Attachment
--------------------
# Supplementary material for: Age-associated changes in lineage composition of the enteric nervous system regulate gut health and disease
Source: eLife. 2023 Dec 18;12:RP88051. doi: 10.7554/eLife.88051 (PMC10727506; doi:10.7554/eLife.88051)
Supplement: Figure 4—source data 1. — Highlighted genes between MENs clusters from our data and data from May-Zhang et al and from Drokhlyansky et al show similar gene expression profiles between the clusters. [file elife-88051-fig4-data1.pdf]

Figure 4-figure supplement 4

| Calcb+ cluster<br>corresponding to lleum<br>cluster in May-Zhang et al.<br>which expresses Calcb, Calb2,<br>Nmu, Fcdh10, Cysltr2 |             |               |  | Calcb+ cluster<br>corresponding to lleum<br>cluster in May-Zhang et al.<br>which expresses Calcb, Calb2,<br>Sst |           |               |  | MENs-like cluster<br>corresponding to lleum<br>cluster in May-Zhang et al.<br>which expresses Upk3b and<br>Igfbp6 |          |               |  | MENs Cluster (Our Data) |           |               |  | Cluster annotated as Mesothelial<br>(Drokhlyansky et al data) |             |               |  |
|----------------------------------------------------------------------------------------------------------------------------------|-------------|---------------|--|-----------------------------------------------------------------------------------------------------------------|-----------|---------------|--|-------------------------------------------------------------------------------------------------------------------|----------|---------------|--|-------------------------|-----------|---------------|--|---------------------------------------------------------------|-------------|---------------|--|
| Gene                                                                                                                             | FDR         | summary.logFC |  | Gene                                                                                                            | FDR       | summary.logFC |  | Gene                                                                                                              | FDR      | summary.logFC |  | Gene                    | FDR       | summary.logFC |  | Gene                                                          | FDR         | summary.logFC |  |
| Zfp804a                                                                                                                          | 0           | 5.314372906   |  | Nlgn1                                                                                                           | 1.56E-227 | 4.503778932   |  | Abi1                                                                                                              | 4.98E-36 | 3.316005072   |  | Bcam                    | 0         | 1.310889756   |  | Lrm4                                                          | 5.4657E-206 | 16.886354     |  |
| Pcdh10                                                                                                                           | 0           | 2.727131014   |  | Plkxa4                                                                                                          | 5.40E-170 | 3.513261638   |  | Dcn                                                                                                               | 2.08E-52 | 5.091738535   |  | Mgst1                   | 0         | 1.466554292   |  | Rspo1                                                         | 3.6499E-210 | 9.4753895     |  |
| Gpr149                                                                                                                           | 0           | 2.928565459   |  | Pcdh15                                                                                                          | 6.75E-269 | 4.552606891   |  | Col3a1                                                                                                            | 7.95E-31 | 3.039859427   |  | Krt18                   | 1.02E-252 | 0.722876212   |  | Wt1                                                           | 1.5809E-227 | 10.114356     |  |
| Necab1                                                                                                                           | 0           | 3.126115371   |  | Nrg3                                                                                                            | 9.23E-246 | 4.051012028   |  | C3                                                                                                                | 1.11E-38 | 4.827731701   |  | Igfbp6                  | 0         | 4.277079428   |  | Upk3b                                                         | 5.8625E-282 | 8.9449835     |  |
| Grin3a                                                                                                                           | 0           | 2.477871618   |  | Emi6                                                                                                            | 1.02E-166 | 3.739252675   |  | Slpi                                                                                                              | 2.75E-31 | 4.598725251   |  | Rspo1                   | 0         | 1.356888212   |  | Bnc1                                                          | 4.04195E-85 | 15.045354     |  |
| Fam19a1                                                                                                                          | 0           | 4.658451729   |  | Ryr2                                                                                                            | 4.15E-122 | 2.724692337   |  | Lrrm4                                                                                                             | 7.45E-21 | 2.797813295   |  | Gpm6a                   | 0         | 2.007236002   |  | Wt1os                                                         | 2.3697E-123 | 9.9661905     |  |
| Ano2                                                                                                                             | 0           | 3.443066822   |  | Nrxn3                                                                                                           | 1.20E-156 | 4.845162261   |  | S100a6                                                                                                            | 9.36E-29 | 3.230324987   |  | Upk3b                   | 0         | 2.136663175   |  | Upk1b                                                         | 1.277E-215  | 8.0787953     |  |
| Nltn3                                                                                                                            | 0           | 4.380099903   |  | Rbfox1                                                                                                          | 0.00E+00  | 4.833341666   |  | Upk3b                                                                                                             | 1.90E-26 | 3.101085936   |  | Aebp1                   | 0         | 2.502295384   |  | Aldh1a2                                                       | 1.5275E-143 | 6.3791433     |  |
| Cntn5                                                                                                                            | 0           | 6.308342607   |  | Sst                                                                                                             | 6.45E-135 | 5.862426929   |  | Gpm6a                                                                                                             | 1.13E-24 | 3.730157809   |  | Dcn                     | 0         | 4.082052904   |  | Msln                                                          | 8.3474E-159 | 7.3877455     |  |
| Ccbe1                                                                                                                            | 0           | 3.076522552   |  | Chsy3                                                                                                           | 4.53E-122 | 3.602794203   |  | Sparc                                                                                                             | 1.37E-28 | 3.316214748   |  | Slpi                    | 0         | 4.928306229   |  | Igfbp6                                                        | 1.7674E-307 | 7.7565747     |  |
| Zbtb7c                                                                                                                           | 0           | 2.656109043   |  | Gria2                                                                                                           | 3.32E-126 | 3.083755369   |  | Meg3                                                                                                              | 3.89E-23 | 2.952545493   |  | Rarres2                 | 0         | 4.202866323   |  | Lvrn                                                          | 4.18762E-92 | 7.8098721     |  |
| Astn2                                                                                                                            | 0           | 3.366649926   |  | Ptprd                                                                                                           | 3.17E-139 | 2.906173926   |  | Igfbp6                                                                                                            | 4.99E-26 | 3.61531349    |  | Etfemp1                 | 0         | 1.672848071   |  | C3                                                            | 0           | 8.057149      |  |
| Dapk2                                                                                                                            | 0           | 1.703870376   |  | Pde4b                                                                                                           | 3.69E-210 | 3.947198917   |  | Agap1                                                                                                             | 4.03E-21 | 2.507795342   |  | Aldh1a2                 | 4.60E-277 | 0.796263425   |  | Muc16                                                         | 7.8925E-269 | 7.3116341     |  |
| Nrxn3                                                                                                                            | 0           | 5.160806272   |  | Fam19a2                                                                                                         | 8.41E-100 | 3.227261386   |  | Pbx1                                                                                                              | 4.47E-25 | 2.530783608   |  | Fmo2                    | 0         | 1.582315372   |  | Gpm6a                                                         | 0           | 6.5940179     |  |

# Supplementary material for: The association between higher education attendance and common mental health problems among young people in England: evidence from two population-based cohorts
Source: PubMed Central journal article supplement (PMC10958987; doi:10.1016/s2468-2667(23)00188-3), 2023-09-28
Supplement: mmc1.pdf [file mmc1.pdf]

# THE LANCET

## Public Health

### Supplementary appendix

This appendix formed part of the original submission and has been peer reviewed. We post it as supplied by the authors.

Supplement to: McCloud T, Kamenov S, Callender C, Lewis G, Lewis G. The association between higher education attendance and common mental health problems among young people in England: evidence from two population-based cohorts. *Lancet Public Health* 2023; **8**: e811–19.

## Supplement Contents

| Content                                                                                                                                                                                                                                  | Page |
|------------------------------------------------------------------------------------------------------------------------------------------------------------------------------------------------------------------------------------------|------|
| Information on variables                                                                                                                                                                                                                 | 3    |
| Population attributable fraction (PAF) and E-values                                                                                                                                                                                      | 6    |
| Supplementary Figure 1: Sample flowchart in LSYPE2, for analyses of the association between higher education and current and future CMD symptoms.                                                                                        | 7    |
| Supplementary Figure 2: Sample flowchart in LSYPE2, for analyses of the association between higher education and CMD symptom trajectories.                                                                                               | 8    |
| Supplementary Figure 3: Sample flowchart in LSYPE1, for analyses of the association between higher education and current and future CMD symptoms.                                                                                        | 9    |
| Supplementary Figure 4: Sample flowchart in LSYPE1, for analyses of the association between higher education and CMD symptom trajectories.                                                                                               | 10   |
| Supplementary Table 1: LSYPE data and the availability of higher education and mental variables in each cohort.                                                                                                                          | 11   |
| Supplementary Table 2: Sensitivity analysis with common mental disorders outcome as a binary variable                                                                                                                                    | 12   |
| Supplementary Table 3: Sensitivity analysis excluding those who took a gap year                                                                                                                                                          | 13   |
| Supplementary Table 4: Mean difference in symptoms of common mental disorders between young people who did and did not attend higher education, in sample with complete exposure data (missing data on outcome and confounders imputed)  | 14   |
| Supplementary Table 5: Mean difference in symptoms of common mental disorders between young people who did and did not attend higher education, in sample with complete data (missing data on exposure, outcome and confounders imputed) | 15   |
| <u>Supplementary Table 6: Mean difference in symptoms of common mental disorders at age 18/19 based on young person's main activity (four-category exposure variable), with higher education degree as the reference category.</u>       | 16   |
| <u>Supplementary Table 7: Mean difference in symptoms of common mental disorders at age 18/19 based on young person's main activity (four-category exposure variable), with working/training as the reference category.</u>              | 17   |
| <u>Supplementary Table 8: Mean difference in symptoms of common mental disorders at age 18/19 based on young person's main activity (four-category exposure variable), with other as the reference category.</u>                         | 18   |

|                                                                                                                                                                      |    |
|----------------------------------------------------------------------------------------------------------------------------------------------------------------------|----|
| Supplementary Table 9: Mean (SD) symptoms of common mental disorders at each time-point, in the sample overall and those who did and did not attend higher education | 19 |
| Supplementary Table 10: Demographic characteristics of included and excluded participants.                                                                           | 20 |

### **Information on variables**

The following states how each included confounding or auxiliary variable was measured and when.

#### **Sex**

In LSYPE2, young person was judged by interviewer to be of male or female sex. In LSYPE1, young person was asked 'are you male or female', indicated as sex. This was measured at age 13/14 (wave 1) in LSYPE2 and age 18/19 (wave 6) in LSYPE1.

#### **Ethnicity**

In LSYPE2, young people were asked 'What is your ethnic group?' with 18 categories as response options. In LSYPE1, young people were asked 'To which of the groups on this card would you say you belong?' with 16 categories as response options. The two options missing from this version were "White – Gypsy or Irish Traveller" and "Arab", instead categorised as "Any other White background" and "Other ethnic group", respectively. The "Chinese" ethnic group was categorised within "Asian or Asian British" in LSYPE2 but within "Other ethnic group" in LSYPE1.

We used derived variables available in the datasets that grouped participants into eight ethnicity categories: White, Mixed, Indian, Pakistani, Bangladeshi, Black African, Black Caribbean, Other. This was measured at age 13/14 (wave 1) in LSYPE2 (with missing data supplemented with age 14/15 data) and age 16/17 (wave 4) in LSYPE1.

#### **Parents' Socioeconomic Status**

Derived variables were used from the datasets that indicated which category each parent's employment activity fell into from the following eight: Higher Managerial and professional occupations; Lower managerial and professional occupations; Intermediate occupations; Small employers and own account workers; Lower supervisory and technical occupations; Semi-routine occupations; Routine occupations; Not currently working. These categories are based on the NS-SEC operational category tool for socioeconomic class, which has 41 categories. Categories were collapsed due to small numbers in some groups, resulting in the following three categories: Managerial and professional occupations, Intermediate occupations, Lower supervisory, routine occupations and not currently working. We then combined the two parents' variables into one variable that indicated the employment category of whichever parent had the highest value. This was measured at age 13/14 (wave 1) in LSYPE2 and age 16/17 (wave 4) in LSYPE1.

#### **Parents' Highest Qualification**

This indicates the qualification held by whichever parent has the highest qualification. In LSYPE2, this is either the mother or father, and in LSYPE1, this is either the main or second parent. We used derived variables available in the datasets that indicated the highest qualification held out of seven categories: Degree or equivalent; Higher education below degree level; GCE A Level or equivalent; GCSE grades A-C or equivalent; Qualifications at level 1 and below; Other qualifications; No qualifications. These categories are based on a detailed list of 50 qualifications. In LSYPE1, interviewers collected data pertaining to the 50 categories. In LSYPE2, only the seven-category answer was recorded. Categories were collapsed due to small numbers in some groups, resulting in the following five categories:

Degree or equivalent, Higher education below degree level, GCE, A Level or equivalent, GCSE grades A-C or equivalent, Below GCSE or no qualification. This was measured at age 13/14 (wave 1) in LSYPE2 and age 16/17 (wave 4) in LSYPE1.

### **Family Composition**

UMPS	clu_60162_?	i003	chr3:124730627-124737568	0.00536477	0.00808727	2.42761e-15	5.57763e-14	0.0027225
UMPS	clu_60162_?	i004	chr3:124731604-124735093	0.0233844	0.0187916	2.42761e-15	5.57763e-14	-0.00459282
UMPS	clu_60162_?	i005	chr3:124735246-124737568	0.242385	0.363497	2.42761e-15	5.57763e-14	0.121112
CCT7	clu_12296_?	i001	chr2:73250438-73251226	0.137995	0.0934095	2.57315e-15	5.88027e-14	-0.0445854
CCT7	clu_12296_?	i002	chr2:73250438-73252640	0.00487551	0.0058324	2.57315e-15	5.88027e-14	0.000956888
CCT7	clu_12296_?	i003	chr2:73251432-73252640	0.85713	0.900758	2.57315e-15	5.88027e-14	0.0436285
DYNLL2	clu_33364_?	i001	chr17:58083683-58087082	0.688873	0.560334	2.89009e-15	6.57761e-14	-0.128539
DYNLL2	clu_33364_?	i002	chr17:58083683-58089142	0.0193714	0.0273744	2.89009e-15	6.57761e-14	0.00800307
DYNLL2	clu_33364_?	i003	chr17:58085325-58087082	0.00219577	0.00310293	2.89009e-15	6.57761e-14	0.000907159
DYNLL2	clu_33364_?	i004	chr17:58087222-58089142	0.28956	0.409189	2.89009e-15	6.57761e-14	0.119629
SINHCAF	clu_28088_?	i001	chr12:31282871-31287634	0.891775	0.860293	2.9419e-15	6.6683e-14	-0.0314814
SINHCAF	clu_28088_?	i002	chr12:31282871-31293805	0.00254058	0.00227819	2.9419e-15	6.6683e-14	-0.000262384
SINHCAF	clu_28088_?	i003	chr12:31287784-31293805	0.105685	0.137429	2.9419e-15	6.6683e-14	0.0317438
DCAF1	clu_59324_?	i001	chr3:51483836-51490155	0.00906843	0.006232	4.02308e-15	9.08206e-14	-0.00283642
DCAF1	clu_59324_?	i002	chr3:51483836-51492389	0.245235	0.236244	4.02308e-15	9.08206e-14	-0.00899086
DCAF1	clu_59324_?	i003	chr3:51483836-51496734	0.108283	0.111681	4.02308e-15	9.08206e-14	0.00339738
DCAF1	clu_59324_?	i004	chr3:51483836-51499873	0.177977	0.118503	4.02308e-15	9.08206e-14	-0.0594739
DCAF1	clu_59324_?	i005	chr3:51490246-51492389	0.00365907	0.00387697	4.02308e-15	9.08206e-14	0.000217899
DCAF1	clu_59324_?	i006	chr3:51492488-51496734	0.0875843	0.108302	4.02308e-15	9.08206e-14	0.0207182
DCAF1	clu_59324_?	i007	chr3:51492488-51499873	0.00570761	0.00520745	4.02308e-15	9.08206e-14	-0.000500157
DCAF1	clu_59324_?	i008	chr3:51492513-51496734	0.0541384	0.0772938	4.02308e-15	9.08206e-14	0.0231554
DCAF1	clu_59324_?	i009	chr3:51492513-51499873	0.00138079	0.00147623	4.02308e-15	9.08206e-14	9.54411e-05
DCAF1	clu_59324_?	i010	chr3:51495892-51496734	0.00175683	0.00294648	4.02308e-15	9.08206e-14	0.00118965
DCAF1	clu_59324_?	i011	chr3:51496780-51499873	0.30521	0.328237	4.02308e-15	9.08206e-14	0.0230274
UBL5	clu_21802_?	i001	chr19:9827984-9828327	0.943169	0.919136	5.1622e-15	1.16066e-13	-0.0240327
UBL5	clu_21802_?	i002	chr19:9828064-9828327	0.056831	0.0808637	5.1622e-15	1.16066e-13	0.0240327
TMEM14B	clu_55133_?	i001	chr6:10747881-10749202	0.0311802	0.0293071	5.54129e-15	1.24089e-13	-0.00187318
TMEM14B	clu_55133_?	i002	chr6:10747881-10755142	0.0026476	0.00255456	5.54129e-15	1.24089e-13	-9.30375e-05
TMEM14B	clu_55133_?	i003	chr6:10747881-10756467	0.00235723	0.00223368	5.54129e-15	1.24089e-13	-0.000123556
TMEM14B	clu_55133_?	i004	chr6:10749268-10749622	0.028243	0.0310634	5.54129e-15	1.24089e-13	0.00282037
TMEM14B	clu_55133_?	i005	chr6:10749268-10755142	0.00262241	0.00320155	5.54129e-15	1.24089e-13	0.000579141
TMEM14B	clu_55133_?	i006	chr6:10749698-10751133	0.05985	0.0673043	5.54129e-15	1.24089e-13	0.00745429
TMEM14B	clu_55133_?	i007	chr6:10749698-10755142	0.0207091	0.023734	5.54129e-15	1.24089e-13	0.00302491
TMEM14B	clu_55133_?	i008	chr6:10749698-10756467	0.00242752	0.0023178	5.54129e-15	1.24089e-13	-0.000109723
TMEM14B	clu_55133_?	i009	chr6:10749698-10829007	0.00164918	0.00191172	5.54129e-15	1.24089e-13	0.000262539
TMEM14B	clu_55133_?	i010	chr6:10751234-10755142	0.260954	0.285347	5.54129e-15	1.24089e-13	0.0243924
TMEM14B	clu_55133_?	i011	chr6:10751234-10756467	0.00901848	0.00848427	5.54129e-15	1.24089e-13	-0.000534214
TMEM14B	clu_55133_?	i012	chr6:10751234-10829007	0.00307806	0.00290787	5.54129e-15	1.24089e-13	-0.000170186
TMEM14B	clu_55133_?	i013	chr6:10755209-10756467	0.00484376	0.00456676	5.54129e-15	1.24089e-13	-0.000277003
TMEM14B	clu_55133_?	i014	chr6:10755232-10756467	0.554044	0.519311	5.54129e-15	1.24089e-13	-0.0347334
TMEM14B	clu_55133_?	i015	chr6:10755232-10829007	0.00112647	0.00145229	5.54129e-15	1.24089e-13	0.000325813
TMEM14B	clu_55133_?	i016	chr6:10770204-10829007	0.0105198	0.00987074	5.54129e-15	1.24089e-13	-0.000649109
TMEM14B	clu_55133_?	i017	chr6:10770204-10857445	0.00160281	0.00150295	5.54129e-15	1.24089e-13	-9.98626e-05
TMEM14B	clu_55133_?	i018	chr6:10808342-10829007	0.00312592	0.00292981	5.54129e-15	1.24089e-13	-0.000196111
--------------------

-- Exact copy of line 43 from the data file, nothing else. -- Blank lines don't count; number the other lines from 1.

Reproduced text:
| Supplementary Table 5: Mean difference in symptoms of common mental disorders between young people who did and did not attend higher education, in sample with complete data (missing data on exposure, outcome and confounders imputed) | 15   |